While most foods marketed as “whole grain” include a gluten-containing grain, there are a few whole grains that are delicious and safe for the Celiac diet. Quinoa (pronounced “keen-wa”) is one of my post-celiac discoveries. It is an ancient South American grain that also happens to be a great source of plant protein. It is available at Whole Foods, Trader Joe’s, and other well-stocked supermarkets. — see recipes

Joan and Rosalind both suffer with chronic illness, and they write a blog that helps and encourages women to continue working – Keep Working Girlfriend

For the past 30 years, I’ve lived with chronic illness: the daily questions, the self doubt, the pain, the fatigue, and the fear. I know, from experience, how tough it can be to get out of bed each day and get a job done, whether you work for yourself or someone else, whether you make just enough to get by or your salary is fat, whether it takes a one hour commute or you never have to leave home. And I know, from experience, that it can be hard to keep working, especially if you’re a woman, if you live with a chronic illness. The work world, a tough place for women who are “healthy” can feel impossible when you’re managing an illness, too.

May is Chronic Fatigue Syndrome Awareness Month, and on my blog Living With Chronic Fatigue Syndrome I posted on a statement that I gave to the Chronic Fatigue Syndrome Advisory Committee that met on May 16th and 17th.

Take a few moments and view a video that aims to help the friends and family of Chronic Fatigue Syndrome (CFS) sufferers understand the illness and what their loved ones are going through. From sleepydust.net

Also see: It’s Not Easy…To Be…Me

Since May is the month for bringing more awareness to Chronic Fatigue Syndrome, here are some other BlogHers blogging on this invisible disease.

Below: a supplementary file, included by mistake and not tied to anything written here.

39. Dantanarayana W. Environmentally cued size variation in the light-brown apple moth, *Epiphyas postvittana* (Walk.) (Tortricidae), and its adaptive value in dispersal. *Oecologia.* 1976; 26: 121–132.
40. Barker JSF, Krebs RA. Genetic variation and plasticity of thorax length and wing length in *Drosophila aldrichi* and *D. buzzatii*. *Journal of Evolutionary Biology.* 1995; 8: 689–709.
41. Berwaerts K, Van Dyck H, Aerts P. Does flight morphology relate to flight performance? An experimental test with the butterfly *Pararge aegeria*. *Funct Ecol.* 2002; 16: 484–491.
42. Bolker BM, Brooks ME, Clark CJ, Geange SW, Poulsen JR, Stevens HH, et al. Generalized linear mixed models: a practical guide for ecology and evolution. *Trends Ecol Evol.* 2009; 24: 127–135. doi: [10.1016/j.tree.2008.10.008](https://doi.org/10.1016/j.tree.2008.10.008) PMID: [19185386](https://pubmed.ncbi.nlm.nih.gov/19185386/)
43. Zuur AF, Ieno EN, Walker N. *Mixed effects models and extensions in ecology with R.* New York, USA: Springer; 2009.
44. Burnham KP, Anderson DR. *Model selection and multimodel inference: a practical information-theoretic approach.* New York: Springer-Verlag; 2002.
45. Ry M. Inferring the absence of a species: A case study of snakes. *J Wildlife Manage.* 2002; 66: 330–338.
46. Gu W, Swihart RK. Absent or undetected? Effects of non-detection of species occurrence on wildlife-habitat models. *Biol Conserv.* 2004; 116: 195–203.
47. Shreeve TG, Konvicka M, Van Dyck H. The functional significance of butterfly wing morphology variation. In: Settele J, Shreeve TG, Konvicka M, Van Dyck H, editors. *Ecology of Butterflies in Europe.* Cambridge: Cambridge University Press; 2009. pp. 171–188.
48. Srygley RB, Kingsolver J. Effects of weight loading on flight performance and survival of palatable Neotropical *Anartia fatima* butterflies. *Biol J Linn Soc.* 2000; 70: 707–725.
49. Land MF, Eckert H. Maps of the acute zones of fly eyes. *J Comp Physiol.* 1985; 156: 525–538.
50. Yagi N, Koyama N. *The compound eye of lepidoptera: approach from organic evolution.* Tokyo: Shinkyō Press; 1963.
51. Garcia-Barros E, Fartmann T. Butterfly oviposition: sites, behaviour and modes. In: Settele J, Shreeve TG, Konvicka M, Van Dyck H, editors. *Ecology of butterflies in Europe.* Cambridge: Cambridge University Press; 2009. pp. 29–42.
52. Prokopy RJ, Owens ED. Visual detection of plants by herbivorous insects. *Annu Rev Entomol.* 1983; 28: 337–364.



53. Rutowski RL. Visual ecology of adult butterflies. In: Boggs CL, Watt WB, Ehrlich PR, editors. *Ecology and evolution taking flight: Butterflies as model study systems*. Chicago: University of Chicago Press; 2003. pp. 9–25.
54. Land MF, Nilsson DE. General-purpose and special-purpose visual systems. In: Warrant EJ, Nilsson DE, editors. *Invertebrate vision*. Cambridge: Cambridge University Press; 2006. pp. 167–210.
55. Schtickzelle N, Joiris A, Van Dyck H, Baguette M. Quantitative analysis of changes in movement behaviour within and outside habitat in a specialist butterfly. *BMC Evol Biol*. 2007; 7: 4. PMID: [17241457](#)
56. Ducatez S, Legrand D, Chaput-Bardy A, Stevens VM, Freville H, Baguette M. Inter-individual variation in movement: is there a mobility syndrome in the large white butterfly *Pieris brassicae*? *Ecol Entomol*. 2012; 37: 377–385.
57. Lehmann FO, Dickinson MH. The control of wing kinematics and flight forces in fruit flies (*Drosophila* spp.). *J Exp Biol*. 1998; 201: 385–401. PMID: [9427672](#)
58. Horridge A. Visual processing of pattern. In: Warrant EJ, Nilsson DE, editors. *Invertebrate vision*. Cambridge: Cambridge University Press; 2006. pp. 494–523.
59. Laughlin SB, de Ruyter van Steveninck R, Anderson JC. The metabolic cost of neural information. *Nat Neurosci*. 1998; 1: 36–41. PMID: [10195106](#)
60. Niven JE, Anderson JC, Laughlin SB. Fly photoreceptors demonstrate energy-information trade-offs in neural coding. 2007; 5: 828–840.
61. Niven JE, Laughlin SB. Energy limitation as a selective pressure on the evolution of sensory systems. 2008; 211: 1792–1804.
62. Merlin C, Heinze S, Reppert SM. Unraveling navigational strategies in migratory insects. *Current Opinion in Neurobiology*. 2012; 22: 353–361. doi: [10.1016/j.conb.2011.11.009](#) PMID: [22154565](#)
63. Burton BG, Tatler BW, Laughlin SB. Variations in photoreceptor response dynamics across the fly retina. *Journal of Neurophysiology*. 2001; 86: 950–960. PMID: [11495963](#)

Sandy has a blog called Fighting Fatigue. She suffers with Chronic Fatigues Syndrome, Fibromyalgia, and Interstitial Cystitis

My personal journey with chronic illness has been a difficult one, but a journey that has taught me a great deal about life, understanding and compassion.

I am here to let you know that if you suffer from Chronic Fatigue Syndrome, Fibromyalgia and/or Interstitial Cystitis, you are not alone! There are many of us who are where you are and have felt what you are feeling.

According to some medical journal articles, 24.6% of I.C. patients show symptoms of Fibromyalgia, compared to 3.2% of the general population. The theory is that “I.C. might be a disease within the spectrum of chronic fatigue and pain syndromes”. — read more

Ellie says on her blog Life ,Not Just Existence

It’s frustrating when a chronic illness interupts your life (in my case Chronic Fatigue Syndrome), but everyone loves a challenge and at the moment mine is to keep enjoying a fulfilling life, not just existing.

Vicki is learning to live with Chronic Fatigue Syndrome at Manchester M.E.

I’ve been sitting around waiting to be well enough to work and that hasn’t happened, so instead i’m being pro-active, I’m going to try and find a job that works around me instead of it being the other way around. — read more

Well these are just some of the many bloggers that are blogging on their personal struggles with chronic illness. If you are a BlogHer who is also blogging on your trials and triumphs with chronic illness…I hope you will leave a comment and a link to your site, and tell us how blogging is helping you cope with your disease.